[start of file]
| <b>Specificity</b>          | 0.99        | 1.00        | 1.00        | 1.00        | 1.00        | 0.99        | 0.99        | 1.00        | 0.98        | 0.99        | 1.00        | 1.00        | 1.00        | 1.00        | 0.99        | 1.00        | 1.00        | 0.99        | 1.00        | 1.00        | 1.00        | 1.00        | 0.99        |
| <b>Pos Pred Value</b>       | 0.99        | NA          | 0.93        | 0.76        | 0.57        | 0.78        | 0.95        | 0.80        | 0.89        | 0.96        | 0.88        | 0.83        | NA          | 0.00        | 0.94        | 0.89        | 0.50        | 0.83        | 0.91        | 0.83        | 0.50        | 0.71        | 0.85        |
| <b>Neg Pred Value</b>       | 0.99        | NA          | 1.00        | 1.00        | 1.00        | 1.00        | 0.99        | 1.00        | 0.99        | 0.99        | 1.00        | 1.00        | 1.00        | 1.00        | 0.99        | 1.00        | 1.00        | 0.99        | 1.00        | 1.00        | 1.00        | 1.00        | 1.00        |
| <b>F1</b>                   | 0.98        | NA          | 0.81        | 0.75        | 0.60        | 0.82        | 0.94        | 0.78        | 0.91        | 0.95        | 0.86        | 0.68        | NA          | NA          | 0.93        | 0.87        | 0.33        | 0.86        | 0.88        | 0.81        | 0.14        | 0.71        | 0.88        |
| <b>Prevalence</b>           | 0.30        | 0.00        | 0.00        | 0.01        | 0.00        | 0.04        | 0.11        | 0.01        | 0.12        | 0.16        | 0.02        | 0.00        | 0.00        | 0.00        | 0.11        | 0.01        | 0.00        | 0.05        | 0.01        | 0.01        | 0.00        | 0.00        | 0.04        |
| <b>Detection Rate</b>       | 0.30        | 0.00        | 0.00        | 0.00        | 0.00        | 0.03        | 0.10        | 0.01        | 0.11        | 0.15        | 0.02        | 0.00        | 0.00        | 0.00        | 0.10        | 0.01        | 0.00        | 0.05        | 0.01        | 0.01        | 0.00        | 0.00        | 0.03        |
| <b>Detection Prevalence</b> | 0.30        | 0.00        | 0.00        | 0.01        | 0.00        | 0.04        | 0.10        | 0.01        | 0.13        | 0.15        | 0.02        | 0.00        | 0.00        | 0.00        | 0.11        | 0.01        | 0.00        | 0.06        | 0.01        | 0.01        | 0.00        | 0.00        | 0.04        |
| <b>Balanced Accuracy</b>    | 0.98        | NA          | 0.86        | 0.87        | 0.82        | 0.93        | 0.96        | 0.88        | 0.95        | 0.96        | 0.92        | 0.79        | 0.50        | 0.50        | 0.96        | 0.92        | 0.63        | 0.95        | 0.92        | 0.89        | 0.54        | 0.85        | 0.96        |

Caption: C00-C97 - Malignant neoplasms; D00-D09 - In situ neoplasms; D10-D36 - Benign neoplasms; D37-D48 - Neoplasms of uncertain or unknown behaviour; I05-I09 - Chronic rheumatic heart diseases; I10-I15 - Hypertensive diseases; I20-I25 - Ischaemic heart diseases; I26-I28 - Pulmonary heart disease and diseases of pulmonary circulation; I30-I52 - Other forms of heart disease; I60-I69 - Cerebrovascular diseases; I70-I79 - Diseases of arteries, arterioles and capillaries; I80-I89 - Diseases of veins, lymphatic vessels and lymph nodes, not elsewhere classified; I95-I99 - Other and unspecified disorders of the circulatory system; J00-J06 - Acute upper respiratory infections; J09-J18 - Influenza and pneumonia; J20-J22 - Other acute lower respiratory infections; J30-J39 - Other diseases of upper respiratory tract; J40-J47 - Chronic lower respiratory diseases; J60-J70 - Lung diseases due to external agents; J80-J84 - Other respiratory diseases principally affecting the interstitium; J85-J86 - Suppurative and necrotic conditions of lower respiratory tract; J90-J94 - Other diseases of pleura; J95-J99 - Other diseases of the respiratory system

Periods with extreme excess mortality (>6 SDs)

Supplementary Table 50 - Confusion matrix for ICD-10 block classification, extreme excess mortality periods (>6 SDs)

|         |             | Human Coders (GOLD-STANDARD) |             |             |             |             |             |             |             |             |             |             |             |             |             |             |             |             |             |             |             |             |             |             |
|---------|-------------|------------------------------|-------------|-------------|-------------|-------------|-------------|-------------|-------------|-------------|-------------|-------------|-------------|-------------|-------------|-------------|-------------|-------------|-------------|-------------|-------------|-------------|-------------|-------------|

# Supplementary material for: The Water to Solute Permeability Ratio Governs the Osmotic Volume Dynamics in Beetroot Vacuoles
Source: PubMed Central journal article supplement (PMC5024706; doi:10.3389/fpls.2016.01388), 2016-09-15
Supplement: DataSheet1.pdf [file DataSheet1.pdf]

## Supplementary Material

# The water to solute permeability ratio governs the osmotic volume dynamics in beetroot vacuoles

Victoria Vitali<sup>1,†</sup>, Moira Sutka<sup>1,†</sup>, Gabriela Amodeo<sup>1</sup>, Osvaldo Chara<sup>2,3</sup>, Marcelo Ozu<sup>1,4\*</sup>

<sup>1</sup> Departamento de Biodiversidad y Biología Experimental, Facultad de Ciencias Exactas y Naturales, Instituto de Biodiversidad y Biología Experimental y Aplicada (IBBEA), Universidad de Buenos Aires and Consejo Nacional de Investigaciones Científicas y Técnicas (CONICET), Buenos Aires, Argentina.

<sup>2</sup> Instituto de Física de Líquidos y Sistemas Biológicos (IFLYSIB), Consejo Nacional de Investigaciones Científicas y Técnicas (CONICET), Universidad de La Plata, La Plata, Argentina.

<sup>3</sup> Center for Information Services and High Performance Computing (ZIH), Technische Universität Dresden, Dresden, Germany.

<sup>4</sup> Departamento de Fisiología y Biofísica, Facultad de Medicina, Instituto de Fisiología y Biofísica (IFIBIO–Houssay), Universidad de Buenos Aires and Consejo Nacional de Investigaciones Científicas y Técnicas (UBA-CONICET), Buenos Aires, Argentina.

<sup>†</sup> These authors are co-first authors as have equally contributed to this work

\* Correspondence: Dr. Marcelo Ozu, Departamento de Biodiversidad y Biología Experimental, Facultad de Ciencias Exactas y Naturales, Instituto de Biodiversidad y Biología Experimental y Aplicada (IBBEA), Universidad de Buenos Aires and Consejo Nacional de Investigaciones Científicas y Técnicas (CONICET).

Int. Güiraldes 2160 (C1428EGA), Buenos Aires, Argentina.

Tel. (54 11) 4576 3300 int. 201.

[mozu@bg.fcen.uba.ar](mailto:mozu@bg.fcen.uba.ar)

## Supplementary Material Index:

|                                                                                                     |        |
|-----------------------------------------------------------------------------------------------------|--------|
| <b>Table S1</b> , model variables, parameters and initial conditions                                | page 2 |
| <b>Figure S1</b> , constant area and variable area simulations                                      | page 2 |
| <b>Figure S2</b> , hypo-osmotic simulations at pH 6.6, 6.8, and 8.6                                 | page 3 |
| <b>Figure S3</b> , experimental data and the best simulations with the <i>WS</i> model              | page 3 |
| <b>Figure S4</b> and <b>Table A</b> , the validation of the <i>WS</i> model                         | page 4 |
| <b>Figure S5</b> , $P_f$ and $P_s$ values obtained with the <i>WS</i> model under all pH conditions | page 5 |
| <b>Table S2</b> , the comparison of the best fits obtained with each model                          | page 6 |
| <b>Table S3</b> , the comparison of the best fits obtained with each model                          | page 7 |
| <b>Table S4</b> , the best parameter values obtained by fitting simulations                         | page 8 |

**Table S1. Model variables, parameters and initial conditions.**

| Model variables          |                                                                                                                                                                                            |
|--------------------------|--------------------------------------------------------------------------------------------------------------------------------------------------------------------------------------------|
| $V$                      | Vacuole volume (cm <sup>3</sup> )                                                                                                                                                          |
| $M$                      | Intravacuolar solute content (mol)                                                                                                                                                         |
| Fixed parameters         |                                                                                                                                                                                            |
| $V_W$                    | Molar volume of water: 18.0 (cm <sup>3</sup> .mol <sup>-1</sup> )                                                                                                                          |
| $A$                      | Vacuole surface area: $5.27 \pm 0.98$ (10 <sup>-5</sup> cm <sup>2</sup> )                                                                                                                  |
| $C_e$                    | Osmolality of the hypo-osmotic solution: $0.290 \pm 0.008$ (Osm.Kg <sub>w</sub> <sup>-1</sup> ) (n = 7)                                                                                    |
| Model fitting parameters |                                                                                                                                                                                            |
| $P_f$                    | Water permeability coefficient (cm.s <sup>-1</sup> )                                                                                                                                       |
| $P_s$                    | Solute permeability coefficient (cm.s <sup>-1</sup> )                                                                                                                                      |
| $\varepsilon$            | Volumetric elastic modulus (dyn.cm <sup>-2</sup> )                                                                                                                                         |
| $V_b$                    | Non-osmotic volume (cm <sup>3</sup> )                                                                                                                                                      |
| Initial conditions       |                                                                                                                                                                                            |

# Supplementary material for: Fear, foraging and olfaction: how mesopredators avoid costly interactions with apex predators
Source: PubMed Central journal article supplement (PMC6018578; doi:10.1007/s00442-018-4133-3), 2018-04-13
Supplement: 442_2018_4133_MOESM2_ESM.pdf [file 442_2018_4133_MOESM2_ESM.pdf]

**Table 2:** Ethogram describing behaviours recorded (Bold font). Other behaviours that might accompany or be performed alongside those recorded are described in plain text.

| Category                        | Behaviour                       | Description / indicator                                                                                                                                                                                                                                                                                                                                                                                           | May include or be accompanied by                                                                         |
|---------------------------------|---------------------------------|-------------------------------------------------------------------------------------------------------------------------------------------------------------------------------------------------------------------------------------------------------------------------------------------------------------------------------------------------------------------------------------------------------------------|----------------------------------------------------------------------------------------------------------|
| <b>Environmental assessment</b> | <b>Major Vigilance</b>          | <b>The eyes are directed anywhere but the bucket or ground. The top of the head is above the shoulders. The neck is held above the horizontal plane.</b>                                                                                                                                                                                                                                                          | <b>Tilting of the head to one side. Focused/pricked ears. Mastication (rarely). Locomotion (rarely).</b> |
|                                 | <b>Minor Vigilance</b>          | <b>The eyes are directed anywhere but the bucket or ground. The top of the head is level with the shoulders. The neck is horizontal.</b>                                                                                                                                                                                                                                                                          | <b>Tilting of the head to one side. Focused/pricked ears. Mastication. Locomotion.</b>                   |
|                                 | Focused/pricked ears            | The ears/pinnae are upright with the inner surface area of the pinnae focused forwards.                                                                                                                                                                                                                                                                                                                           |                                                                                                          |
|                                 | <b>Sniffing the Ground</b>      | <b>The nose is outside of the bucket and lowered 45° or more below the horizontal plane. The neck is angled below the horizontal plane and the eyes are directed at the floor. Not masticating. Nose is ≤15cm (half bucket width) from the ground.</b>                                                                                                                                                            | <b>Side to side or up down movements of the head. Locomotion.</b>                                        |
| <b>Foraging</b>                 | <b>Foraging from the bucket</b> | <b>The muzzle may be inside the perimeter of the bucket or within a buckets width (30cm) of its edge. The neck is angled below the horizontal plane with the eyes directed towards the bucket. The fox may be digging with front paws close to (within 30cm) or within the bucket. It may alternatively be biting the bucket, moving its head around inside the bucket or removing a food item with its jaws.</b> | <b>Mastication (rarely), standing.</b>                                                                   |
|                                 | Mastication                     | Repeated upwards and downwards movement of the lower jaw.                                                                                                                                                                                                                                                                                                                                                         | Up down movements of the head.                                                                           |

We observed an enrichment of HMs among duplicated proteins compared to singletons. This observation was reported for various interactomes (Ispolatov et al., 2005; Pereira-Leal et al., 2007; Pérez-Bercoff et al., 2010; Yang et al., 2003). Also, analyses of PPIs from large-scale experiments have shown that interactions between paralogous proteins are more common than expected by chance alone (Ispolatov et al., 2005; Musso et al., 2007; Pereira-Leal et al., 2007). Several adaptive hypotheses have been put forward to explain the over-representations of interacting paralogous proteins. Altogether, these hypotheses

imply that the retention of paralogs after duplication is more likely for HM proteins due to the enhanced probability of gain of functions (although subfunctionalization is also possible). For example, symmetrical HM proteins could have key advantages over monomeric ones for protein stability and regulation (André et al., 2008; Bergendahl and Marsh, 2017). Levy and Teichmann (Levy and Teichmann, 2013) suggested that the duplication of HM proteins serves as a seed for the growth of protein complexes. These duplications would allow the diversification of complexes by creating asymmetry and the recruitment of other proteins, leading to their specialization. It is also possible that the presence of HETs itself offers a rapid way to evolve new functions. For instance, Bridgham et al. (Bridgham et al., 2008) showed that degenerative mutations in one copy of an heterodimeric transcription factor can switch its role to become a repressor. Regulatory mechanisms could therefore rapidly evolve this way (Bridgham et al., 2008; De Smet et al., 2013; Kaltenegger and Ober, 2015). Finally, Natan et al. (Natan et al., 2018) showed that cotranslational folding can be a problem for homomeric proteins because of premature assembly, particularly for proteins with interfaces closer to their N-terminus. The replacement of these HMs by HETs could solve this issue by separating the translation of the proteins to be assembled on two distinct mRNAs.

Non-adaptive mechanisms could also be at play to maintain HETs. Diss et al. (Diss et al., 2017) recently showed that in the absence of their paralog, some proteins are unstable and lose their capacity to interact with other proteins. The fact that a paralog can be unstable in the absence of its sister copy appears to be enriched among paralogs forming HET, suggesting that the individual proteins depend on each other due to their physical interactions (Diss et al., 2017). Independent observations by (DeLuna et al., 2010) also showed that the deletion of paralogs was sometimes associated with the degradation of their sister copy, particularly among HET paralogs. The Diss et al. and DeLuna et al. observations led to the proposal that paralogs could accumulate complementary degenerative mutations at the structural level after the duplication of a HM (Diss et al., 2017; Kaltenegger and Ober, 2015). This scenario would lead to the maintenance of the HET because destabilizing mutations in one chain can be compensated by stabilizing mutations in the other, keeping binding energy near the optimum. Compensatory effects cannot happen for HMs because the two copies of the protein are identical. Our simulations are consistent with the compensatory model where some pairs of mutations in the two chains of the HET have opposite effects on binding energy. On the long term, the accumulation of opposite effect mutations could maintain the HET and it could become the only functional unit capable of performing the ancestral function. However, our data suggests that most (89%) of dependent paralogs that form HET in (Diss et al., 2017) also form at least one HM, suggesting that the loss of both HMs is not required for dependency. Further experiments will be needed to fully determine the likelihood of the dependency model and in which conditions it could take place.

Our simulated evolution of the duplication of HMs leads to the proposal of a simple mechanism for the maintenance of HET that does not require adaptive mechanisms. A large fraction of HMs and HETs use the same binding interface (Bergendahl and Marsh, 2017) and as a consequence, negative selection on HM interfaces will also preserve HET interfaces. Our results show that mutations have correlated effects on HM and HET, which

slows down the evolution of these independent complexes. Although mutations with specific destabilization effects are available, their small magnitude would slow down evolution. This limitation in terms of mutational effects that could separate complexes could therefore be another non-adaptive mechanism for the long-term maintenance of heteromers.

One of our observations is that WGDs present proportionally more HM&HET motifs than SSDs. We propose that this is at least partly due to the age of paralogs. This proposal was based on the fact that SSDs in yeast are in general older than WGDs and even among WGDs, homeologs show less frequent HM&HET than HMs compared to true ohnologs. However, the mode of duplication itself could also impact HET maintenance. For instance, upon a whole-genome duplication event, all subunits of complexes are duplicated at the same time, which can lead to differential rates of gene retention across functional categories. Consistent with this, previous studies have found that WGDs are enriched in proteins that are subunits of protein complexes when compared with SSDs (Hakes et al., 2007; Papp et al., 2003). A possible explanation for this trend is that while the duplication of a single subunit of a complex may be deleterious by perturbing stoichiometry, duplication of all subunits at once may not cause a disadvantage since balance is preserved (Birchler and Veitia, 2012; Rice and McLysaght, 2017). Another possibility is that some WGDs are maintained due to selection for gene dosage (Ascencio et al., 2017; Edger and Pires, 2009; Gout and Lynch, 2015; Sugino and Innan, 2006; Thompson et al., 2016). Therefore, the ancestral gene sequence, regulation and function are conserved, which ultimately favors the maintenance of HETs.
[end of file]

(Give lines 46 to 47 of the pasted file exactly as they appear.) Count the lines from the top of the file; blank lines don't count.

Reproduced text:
| Fixed parameters         |                                                                                                                                                                                            |
| $V_W$                    | Molar volume of water: 18.0 (cm <sup>3</sup> .mol <sup>-1</sup> )                                                                                                                          |